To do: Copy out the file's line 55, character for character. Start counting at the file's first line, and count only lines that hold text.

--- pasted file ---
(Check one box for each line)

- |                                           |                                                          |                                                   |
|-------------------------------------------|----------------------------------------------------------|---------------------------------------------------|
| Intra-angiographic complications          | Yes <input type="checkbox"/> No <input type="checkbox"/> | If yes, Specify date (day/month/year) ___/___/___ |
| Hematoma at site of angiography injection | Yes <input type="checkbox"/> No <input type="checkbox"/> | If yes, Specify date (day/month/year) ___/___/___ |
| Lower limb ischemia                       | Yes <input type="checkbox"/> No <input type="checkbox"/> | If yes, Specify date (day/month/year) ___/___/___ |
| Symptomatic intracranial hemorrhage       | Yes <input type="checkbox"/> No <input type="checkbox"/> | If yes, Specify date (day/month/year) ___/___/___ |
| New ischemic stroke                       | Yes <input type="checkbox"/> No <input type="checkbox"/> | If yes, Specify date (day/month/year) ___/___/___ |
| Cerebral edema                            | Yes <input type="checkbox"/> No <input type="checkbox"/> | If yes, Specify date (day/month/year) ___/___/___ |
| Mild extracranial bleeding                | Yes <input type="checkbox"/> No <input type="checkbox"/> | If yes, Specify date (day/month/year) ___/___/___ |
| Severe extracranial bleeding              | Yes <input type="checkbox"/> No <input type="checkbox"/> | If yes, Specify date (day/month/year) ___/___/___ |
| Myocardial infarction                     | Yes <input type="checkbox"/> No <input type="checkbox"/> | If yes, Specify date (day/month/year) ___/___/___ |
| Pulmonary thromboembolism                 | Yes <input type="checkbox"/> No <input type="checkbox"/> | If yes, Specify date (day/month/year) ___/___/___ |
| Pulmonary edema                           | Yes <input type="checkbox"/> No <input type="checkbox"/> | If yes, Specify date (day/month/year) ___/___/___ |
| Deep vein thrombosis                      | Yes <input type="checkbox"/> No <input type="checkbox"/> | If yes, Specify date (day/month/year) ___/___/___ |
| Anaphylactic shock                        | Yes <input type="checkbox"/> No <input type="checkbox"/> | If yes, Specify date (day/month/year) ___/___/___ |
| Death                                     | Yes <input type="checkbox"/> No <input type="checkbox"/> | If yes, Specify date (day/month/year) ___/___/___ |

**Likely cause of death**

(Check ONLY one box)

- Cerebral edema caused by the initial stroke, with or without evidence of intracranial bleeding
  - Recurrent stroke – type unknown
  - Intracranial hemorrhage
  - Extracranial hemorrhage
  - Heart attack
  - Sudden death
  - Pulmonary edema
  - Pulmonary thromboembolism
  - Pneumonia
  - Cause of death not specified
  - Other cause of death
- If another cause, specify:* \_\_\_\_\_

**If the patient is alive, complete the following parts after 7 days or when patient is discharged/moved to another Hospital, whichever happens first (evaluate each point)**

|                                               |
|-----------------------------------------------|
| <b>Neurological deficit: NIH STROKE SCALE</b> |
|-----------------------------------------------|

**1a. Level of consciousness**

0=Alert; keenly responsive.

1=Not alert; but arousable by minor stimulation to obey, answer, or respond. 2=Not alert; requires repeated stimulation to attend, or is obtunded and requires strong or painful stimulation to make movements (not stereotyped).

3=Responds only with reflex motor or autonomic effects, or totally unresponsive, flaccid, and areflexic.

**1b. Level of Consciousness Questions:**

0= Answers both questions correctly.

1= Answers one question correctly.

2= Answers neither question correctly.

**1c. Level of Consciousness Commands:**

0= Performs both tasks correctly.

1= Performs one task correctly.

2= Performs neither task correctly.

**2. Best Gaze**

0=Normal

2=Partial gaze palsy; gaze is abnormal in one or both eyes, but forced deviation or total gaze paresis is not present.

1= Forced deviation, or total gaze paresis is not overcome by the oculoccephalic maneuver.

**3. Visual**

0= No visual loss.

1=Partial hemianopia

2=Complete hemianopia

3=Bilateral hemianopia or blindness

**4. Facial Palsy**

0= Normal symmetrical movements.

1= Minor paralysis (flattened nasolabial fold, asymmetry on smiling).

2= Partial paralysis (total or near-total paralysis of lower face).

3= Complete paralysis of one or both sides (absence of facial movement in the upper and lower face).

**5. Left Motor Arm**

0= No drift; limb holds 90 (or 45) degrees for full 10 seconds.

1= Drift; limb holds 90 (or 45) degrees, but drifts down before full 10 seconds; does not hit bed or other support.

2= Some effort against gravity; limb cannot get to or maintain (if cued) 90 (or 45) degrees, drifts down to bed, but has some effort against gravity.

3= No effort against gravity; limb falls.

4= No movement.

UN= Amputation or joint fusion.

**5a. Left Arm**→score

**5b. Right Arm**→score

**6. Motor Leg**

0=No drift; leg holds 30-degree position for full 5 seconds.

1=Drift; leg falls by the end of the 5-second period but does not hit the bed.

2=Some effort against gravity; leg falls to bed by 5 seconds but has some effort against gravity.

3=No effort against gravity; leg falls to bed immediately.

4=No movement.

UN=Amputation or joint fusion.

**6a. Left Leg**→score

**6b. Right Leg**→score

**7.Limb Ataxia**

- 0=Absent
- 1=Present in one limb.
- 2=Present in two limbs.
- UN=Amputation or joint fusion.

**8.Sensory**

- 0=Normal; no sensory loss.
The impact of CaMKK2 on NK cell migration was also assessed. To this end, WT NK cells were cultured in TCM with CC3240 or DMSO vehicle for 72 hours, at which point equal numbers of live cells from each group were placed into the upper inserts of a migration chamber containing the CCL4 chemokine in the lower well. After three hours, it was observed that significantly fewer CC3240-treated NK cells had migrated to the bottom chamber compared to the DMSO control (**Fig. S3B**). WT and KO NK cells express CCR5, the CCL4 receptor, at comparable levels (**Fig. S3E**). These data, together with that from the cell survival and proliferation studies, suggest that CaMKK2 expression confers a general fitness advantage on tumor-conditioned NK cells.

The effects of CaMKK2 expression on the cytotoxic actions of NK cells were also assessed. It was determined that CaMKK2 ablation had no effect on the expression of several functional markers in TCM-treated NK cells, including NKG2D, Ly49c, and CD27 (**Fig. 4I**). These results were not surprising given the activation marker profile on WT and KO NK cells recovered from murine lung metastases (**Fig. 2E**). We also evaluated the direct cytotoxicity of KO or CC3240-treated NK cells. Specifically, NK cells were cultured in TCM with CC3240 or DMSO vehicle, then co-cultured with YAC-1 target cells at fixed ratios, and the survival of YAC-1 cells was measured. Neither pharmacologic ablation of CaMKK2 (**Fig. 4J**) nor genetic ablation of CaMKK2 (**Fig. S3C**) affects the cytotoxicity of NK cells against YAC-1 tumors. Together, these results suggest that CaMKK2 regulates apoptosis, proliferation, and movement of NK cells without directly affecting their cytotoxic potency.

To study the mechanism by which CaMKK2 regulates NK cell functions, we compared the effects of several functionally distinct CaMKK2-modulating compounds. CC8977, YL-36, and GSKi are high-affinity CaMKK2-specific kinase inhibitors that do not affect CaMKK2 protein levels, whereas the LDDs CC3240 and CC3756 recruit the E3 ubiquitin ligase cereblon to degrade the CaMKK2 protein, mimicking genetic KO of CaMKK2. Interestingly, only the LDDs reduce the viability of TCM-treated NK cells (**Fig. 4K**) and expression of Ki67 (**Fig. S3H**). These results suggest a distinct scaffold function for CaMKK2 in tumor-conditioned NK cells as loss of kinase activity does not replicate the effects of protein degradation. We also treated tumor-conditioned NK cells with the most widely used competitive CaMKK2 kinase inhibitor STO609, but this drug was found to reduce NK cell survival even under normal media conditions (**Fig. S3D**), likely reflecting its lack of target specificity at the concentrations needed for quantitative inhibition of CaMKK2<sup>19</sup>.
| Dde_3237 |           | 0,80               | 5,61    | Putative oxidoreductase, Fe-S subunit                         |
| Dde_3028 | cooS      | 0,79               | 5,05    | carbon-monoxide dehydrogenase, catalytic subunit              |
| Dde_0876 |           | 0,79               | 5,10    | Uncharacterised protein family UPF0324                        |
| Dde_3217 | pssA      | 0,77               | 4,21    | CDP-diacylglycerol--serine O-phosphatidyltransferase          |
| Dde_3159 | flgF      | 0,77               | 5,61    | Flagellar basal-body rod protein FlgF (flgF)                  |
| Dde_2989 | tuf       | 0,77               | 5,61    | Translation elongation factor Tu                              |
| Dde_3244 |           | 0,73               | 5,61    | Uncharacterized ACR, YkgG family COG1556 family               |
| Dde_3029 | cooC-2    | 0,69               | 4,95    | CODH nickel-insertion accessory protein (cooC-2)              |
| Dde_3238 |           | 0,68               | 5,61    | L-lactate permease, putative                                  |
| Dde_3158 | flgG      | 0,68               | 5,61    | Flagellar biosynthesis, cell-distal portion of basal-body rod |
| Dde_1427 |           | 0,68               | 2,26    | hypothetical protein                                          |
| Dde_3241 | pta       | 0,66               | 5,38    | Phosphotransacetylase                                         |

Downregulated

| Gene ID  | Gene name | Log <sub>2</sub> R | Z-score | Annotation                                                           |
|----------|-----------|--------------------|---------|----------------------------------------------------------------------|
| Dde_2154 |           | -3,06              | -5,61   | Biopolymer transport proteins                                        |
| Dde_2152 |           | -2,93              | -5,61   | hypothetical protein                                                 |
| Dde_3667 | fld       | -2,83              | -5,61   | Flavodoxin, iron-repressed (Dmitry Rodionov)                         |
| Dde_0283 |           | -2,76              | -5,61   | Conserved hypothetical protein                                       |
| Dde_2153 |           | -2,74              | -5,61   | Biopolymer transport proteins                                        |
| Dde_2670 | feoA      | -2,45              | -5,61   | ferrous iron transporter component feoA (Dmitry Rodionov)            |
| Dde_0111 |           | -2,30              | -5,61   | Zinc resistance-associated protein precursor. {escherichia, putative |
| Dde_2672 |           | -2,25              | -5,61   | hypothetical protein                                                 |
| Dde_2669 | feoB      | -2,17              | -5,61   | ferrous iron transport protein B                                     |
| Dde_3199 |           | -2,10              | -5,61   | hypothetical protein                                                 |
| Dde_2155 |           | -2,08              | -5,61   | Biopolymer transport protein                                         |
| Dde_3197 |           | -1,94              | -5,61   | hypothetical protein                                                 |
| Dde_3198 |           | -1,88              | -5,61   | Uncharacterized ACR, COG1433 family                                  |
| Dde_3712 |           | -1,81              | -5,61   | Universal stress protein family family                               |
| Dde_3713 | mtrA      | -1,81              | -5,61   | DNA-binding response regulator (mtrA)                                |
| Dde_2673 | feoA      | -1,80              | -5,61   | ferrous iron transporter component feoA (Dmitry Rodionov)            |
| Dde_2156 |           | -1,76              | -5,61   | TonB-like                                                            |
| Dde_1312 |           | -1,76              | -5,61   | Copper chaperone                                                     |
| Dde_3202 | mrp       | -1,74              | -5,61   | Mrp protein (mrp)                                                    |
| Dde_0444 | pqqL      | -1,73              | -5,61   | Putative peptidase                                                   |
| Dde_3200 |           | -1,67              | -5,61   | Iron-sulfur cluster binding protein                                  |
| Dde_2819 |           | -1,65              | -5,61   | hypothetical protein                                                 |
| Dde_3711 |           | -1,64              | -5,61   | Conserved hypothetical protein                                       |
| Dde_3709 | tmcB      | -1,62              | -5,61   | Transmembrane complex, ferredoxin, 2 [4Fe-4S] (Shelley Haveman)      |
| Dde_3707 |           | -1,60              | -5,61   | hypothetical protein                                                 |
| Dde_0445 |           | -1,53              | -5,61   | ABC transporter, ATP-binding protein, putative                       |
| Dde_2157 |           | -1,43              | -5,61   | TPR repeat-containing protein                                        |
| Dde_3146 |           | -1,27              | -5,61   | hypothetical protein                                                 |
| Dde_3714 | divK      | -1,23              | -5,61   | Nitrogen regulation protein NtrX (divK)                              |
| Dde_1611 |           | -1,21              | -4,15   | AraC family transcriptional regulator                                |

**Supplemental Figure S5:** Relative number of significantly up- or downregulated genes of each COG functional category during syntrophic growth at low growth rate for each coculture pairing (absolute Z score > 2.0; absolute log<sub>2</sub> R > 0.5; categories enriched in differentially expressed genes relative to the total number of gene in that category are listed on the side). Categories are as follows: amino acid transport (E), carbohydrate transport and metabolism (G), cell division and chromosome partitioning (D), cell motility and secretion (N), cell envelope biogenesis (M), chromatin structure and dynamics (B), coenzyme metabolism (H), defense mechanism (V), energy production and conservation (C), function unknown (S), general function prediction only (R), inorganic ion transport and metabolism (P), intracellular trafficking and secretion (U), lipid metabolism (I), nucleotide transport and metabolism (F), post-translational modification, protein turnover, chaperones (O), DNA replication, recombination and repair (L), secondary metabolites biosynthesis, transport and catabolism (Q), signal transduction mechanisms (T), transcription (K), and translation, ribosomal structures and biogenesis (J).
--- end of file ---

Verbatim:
1=Partial hemianopia